It’s a familiar lament at work: We can’t get anything done because we’re all so busy interacting. Open-office plans, project teams and the incessant ping of our devices lay siege to any possibility of extended mental concentration. The modern workplace, with all its interruptions and distractions, is like an unruly kid on a sugar high at Chuck E. Cheese’s, moving frenetically from one activity to the next. It’s all fun and games until the inevitable sugar crash.
Organizational leaders are both peddlers of the sugar (forwarding countless texts and emails to team members) and overwhelmed kiddos (being summoned yet again to lead a time-suck of a project.)
“Interruptions and unforeseen events consume much of our time in the twenty-first century because they can reach out and find us anywhere” says long-time productivity expert Hyrum W. Smith. Smith is the former CEO of time-management powerhouse FranklinCovey. In his new book “The 3 Gaps: Are You Making a Difference?” Smith writes, “In the past, when the pressure got too great, we could escape to a quiet place or leave the office and bask in the silence and privacy of the drive home. Not these days.”
All this distraction and stimulation makes us less productive — to the tune of an estimated daily loss of six hours’ productivity per worker, according to this Washington Post article. It also makes us dumber, especially if we don’t anticipate the interruption (and let’s face it, we’re rarely prepared. That’s why we call it an interruption.) According to the Post article, Edward G. Brown, an efficiency expert, says everyone at work is a potential “time bandit” — unintentionally “stealing” time from colleagues when they don’t give thought to how their interruptions affects others’ workflow. People in leadership roles are especially vulnerable to falling prey to this type of thievery because their role requires managing others’ output.
But there are things you can do for yourself and those whom you lead that will lessen the “sugar rush” of organizational life. Consider implementing the following four practices as a way to bring sanity back to everyone’s workload.
Connect to what matters most. Clarify your personal values and encourage your employees to do the same. When people connect their principles to the organizational ones, they understand how the work they do has merit. Smith suggests that you create a “social constitution,” which will help you understand your top priorities and why they matter to you.
Create a “Magic 15.” Smith encourages all people who attend his productivity seminars to set aside 15 minutes each day to quietly reflect, seek inspiration and plan their day. He calls this “The Magic 15 Minutes” because consistent application of this practice helps you close the gap between what you want to get done and actually manage to do. As a leader, you can encourage your team to follow suit. As a team, agree to honor each person’s “Magic 15” time, so that everyone can create the magic.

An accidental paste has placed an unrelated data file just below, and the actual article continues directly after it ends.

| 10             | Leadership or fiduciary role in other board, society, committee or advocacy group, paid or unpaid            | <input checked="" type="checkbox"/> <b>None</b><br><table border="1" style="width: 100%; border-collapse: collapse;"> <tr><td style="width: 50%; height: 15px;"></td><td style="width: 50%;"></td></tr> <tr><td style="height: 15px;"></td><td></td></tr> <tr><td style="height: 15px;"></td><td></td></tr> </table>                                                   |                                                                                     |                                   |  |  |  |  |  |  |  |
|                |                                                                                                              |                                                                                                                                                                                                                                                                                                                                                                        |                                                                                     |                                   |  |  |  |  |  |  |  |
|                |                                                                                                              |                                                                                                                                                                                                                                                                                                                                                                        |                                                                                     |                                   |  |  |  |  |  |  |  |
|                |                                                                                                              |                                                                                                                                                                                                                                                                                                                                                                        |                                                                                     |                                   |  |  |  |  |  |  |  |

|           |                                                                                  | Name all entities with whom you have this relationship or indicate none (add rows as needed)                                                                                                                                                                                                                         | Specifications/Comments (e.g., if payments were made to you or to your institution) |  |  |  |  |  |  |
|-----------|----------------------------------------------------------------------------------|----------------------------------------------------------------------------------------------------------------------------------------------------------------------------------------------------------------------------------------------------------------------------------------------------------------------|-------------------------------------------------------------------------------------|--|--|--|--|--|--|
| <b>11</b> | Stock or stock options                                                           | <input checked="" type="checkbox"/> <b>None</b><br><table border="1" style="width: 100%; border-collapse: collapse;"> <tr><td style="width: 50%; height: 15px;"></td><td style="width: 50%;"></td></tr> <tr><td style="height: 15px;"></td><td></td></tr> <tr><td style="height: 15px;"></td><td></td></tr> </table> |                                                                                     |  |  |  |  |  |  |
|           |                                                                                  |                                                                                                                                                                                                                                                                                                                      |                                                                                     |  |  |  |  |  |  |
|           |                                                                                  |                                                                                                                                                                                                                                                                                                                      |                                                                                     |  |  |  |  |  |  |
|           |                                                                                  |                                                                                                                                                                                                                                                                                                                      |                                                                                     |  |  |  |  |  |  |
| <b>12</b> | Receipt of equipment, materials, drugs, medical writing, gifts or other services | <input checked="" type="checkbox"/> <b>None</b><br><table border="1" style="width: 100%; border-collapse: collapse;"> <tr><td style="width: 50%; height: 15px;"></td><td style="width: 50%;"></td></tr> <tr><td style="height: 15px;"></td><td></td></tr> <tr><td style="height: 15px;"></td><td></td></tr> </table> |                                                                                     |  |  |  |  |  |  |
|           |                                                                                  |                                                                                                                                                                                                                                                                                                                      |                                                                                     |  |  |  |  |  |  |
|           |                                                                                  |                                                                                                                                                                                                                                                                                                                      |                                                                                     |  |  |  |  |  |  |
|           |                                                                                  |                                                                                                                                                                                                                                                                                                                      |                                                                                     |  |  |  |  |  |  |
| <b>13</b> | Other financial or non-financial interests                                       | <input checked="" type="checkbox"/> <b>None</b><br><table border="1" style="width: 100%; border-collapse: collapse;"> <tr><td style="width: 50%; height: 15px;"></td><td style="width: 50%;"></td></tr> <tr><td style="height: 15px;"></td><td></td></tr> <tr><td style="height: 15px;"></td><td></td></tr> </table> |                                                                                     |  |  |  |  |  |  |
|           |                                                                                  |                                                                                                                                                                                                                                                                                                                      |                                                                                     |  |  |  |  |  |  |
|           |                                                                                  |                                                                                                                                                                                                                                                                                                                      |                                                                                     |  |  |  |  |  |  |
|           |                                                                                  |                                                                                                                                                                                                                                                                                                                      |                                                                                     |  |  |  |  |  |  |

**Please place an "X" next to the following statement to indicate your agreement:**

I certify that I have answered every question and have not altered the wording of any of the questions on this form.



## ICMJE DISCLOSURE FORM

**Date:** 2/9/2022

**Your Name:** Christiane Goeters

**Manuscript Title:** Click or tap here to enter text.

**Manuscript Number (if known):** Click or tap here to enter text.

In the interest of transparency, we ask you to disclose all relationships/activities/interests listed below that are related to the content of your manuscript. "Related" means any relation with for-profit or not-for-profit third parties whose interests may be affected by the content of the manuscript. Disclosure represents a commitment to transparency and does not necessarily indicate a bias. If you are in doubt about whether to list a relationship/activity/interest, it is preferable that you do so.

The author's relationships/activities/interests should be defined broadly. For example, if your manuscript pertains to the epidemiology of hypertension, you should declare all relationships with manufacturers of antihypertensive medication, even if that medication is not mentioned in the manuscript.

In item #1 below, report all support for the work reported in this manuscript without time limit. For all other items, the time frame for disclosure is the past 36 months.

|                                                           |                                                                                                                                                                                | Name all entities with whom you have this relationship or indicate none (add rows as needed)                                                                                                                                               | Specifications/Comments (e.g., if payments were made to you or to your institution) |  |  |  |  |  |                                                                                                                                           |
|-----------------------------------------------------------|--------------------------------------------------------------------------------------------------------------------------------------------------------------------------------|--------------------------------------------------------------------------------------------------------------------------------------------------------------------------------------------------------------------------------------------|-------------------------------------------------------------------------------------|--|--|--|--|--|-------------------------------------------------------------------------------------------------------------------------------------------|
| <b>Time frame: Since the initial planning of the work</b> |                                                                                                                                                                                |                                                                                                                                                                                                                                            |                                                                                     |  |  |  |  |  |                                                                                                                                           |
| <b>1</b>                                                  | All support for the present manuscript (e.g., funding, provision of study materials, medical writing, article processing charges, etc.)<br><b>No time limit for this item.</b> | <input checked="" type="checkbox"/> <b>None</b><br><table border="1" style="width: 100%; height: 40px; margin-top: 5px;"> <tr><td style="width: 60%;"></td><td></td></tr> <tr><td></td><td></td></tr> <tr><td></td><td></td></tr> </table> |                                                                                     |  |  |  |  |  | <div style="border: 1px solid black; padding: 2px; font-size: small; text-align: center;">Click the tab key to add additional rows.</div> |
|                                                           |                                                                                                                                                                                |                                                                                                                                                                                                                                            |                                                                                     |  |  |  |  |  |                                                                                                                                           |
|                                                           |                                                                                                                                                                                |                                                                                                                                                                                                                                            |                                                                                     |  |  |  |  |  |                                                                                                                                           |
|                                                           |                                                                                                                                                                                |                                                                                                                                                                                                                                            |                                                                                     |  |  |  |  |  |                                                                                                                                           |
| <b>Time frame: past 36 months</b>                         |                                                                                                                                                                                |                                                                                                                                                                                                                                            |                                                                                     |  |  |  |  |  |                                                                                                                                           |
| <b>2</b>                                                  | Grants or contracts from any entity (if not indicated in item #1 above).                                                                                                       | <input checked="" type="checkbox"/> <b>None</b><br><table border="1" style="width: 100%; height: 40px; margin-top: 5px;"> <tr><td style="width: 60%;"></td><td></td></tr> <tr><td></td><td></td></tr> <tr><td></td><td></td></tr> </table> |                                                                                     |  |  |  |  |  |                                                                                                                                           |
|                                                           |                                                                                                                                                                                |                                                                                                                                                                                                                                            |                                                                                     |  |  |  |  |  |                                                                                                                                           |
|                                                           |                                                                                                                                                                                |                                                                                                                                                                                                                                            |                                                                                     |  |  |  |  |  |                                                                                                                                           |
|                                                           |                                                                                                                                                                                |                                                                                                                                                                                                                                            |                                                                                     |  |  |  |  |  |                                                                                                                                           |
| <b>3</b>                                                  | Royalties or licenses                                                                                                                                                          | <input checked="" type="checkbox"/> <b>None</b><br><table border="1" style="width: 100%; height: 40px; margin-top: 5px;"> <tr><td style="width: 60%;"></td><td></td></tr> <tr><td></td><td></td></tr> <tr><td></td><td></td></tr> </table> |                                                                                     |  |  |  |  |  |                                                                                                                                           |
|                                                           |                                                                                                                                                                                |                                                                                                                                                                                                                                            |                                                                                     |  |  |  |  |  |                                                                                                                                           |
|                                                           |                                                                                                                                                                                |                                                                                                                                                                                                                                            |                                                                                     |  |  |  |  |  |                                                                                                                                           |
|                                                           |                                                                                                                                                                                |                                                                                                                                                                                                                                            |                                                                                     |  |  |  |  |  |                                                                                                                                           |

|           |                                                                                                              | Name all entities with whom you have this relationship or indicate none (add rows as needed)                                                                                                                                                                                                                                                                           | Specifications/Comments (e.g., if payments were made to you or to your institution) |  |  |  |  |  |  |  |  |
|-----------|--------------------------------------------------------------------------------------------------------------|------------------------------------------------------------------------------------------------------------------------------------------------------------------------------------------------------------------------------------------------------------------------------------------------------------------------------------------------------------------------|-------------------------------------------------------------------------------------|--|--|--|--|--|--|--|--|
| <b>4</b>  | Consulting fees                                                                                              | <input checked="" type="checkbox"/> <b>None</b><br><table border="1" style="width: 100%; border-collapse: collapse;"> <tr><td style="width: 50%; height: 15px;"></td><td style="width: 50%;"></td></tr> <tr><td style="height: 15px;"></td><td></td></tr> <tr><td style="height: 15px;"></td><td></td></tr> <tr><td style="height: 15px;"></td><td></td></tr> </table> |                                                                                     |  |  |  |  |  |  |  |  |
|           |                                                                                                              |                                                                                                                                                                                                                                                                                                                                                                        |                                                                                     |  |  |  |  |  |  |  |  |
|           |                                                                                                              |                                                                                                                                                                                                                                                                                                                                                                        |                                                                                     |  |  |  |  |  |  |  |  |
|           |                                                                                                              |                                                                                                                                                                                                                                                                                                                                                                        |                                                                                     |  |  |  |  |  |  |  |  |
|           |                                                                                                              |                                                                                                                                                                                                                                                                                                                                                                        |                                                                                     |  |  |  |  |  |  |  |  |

Get a “lock” on time. One of the best techniques to thwart time bandits is a system Brown calls “mutual time lock agreements.” In this process, teams agree when they will not interrupt each other. Then they put teeth into the agreement by holding each other accountable. According to the Post article, Brown estimates that clients who successfully implement this process see a 40% to 60% increase in productivity.
Enlist outside help to stay on track. Not certain you can hold to the agreements or ignore the siren call of your cell phone chimes? Many of us can’t; we’re hardwired for the stimulation that an incoming message creates. In those cases, it’s best to enlist an outside party to help you stay focused. There are many tech apps that allow us to shut off our cells phones and block access to certain websites. Or, you can turn to a very low-tech solution: ask a buddy to keep you honest. Or post photos or notes that remind you of your no-distraction rule in a location where you’re likely to lose focus.
Distractions and interruptions are a part of organizational life, yet they don’t have to overwhelm an entire team. Set an example and implement these four productivity practices. You’ll experience more productivity and less stress. Once your team sees you’re serious about curbing the sugar rush, they’ll be more likely to do the same.
Jennifer V. Miller is a freelance writer and leadership development consultant. She helps business professionals lead themselves and others towards greater career success. Join her Facebook community The People Equation and sign up for her free tip sheet: “Why is it So Hard to Shut Up? 18 Ways to THINK before you Speak.”
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